As a graduate of Film Studies, I am often asked the question, “Oh you did a Master's in Film Studies, so why did you suddenly shift to design?
Starting from my first UX interview to everyday conversation, this question has stayed with me for the past 5 years.
The Liberal Arts have been constricted by a distinct lack of understanding in India and this has resulted in such disciplines taking a back seat in the traditional job market that values STEM education streams.
A lot of my Film Studies learnings apply directly to my UX design practice. But before I list those out, let’s understand what Film Studies is really about:
While more formally, and according to Wikipedia, it is described as:
“An academic discipline that deals with various theoretical, historical and critical approaches to films… Film studies takes a series of critical approaches for the analysis of film production, theoretical framework, context and creation”
So before I move forward, I’m going to lay out my understanding of Film Studies: A field of study where the film plays the role of text in order to understand a particular narrative and its socio-political and economic implications.
So what Design Thinking tools has my degree armed me with?
Critical thinking is one of the key aspects of design. One cannot address a problem without asking better and meaningful questions. In my Film Studies program, we have practiced this skill for years. Reading different film texts, understanding the narrative in the light of its cultural, socio-economical and political context requires endless questioning and answering several whys, hows, and whats. I learned “how to think” rather than “what to think” and hence — distort innate bias.
Interdisciplinary approach to learning
Film studies integrates different areas of studies such as Semiotics, Gender Studies, Sociology, Cultural Studies, Psychology, Fine Arts, Mass Communication, Technology. Connecting all these varied disciplines and understanding how they are interrelated helps me get a broader perspective on a situation. This is an important idea in design thinking.
There is no denying that films have the ability to transport us across continents and empathize with new cultures and practices. Watching world cinema from Russia, Japan, Germany, France, America, Brazil, Czechoslovakia, Africa and of course India, amongst others, has helped me fathom the extent of cultural differences. Perceiving design in this context and acknowledging the frailties of a universal design aesthetic has been a great asset. It has sensitized me with the contextual nature of the design.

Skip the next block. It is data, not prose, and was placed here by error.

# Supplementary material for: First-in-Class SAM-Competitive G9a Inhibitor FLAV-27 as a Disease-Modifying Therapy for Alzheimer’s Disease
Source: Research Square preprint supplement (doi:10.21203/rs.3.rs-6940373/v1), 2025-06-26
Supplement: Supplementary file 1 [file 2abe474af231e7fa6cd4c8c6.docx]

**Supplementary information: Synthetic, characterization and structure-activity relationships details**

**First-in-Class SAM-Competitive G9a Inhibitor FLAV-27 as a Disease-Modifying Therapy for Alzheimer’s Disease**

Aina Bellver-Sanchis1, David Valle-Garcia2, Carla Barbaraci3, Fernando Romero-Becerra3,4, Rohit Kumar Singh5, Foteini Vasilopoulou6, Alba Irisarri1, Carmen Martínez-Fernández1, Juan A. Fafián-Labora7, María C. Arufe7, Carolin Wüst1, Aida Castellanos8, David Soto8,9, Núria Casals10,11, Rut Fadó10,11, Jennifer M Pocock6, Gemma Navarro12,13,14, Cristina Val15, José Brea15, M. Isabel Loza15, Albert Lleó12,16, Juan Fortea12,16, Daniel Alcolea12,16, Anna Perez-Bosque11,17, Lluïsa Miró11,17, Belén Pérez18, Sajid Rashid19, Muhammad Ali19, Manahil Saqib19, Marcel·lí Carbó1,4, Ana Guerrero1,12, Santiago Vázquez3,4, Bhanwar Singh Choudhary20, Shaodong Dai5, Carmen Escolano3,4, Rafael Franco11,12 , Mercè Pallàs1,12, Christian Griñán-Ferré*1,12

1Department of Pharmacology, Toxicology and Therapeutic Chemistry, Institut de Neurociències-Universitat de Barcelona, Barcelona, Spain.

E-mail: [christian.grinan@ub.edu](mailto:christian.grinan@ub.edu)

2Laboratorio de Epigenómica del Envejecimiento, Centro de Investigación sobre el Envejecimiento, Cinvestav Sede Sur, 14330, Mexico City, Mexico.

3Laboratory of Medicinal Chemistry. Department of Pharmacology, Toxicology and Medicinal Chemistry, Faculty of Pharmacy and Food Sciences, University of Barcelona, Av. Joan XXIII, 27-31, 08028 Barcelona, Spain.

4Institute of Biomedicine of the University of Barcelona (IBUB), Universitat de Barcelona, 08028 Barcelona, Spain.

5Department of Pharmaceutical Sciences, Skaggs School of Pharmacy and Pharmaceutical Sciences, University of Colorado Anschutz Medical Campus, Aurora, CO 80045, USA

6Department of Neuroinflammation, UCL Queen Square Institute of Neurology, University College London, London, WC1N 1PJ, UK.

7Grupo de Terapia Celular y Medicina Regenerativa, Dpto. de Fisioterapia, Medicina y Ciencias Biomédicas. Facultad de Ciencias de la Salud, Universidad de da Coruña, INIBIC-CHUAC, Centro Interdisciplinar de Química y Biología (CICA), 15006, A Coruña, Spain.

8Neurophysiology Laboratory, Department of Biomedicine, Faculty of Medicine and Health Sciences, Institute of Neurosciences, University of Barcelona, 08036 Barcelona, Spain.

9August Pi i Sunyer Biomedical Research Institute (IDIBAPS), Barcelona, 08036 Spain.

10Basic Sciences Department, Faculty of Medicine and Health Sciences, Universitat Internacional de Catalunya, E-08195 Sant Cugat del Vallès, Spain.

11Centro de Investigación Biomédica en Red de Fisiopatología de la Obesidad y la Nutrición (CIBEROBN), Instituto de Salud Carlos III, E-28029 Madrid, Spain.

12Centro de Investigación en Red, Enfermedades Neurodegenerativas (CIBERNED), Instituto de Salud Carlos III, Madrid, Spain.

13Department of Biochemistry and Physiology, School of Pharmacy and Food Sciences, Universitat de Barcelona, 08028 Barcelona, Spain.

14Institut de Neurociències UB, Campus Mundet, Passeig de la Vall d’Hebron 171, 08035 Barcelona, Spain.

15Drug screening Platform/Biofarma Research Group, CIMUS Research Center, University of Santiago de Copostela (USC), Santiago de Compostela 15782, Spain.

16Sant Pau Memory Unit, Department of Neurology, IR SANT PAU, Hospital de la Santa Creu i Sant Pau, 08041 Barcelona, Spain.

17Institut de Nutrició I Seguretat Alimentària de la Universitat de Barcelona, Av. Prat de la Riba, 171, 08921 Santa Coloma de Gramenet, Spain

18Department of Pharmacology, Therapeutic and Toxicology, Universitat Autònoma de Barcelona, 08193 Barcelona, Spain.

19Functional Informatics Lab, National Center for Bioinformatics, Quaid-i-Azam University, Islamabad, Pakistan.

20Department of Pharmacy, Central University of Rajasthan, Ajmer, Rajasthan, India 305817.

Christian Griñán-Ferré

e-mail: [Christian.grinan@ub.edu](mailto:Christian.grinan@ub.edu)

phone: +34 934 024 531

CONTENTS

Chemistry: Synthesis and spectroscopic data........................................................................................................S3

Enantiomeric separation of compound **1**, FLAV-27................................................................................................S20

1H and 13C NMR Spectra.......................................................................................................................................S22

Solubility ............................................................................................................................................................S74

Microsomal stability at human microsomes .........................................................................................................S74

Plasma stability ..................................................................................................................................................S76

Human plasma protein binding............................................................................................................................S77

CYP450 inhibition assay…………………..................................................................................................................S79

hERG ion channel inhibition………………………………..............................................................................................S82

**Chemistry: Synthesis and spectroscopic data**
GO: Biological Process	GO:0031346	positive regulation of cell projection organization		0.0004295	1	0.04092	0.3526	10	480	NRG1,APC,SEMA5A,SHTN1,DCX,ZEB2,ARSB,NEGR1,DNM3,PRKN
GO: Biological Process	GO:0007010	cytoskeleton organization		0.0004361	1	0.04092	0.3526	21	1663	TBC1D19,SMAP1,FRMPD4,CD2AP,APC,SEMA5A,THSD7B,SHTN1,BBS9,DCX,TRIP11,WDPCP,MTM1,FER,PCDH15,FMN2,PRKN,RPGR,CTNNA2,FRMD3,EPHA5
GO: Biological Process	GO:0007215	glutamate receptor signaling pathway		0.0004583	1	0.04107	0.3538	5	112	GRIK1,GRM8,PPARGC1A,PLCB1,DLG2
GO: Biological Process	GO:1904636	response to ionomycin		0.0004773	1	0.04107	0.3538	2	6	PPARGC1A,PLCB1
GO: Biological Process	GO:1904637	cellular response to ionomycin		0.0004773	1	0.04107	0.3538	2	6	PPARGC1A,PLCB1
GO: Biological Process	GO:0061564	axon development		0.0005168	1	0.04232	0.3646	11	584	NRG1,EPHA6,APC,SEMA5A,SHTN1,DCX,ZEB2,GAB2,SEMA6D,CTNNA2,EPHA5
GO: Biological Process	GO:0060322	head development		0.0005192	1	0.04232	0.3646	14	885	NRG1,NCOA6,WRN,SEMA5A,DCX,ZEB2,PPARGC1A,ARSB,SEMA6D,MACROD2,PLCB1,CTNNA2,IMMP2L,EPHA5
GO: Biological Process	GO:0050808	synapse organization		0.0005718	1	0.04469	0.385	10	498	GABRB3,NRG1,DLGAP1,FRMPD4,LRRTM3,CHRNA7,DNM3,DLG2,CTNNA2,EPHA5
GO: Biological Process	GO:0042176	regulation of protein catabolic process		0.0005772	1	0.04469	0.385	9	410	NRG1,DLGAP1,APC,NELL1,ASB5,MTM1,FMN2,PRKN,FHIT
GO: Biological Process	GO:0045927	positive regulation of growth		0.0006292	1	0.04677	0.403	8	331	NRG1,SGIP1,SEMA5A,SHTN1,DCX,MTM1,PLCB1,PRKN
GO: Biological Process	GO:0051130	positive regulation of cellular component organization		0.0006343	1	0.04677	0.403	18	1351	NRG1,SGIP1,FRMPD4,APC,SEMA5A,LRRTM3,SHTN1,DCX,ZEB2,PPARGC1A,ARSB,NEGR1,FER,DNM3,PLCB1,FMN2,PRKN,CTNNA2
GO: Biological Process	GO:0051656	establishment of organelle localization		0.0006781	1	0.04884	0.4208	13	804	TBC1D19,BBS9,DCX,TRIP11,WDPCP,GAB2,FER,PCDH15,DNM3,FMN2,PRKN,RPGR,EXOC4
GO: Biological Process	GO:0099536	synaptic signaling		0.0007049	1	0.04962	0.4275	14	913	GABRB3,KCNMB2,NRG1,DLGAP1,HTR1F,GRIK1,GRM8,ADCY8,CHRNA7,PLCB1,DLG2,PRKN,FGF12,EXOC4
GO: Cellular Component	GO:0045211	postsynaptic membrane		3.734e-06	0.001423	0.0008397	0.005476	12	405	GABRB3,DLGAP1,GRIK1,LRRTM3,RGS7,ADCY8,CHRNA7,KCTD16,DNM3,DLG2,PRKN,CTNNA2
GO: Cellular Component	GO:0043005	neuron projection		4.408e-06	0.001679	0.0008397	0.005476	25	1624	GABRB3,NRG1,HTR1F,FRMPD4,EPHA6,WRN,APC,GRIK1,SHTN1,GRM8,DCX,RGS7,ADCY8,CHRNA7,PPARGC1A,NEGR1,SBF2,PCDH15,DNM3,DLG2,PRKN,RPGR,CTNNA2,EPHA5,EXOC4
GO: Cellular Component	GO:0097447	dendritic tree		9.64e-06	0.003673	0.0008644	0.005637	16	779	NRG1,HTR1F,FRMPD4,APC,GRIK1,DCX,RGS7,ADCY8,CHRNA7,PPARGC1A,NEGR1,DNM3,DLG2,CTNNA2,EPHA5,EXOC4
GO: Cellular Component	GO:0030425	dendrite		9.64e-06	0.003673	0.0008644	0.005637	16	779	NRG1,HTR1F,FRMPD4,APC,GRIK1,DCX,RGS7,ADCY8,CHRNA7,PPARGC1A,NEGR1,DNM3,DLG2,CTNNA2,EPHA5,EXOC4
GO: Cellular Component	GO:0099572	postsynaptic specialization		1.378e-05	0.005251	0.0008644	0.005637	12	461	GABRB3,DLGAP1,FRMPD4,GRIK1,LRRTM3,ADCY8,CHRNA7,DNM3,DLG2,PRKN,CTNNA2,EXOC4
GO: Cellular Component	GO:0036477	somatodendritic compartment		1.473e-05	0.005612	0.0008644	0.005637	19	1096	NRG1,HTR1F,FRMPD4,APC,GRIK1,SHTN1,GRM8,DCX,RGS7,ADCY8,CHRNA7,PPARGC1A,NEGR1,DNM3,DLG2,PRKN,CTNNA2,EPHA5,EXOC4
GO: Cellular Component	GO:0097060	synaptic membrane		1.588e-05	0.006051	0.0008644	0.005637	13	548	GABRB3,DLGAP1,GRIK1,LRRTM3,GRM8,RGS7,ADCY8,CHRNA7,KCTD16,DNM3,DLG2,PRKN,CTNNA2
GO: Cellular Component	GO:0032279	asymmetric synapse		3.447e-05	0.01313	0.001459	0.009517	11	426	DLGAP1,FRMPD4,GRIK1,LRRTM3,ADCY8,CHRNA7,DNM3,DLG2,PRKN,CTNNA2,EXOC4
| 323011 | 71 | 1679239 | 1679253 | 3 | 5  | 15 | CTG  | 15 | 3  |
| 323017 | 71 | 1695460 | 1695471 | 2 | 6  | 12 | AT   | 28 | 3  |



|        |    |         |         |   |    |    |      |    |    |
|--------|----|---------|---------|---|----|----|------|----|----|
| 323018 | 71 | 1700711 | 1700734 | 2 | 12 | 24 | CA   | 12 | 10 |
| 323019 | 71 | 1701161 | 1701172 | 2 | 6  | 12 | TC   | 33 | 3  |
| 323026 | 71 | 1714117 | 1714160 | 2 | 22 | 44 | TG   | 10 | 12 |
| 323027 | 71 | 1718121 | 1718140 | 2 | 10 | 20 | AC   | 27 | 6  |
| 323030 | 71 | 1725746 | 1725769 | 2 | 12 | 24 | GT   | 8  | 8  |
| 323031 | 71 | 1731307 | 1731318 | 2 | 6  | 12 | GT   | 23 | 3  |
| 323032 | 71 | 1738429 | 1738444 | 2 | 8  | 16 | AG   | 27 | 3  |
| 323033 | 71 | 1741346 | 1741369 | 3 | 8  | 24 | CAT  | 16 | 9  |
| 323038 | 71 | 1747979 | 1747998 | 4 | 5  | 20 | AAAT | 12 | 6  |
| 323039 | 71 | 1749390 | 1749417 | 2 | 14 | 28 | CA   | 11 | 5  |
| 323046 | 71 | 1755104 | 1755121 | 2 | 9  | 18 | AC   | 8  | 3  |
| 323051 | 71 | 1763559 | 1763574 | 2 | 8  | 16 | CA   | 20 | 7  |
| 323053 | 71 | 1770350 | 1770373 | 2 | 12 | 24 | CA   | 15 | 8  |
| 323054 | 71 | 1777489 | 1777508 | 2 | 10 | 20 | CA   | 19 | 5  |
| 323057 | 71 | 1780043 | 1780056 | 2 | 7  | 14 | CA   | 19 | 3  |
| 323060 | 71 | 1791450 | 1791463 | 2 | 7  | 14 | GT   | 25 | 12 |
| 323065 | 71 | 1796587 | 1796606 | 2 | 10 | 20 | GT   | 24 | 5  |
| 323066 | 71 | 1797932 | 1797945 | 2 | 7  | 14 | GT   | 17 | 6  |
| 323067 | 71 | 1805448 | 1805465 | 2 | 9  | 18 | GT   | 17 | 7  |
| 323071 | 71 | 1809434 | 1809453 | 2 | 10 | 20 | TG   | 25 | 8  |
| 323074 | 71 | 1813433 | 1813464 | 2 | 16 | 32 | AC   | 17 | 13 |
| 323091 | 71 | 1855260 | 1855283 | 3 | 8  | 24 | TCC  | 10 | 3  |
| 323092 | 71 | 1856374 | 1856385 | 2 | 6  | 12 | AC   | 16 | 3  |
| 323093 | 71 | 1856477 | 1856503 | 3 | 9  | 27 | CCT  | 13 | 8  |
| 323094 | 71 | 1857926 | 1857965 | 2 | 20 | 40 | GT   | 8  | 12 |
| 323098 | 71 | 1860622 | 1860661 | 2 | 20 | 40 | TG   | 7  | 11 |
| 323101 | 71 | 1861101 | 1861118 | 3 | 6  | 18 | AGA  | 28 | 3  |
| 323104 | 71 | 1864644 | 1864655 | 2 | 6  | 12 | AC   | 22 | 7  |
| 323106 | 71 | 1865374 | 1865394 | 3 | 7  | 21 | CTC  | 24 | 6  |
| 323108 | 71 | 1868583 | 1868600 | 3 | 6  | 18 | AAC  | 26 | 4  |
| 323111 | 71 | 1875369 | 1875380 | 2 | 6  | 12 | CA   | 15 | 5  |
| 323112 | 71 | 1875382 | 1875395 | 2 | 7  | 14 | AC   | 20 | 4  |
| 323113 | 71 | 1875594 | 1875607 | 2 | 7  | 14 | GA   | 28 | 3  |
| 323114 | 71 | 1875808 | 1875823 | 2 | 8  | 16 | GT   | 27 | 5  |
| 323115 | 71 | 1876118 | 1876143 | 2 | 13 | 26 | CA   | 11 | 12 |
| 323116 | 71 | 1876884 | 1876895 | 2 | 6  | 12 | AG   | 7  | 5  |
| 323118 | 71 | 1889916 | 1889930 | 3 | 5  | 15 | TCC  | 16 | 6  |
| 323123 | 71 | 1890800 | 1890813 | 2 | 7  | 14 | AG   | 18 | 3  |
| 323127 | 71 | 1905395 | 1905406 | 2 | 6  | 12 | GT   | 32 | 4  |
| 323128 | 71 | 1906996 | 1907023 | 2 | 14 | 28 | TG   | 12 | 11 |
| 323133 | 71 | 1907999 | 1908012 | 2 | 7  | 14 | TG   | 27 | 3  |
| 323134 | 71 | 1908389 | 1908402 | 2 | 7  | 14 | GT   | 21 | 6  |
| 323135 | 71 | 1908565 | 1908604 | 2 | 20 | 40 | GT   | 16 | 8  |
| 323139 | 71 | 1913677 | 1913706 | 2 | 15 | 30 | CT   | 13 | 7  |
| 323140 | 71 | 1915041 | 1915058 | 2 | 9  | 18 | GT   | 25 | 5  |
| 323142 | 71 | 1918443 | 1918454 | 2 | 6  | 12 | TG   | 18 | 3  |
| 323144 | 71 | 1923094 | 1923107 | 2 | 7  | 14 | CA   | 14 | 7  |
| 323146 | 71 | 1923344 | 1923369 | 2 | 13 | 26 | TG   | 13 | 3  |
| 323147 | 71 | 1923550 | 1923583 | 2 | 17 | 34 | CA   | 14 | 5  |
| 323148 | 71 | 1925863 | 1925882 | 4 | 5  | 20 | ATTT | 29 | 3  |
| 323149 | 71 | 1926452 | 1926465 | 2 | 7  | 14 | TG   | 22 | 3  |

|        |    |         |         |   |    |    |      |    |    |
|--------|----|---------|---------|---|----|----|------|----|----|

Enhanced research skills
The curriculum required us to submit a dissertation on a unique topic. The process of writing a dissertation involves identifying multiple perspectives for research. Including reading through diverse reference materials, talking to authors and other stakeholders. This process of research, analysis, and insights is an important aspect of design thinking.
We stated our dissertation aims and objectives, identified key findings, implemented various methods of research to draw insights and come to a conclusion. This rigorous process of research, analysis, and synthesis forms the bedrock of UX practice.
Understanding design principles
Film composition and visual communication share several basic design principles. Both require an understanding of unity, negative and white space, hierarchy, balance, contrast, scale, and dominance to create a good composition. Successful Visual communication comes from an understanding of basic design principles. Needless to say the key elements of design composition work for film composition as well. For example hierarchy in design means placing objects according to their importance and what needs to be focused more or less. The golden ratio is a compositional technique used in design for typography, layout, logo, resizing or cropping images. Similarly, in Films we have Hitchcock’s rule, again using the hierarchy of subject and object to communicate with the audience.
Last but not least
I would like to end by saying that a degree in Liberal Studies can be just as effective as any other. Critically understanding what you learn and being able to apply that to a larger context is the most important thing.
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Let’s connect if you have any comments or you would like to share any examples.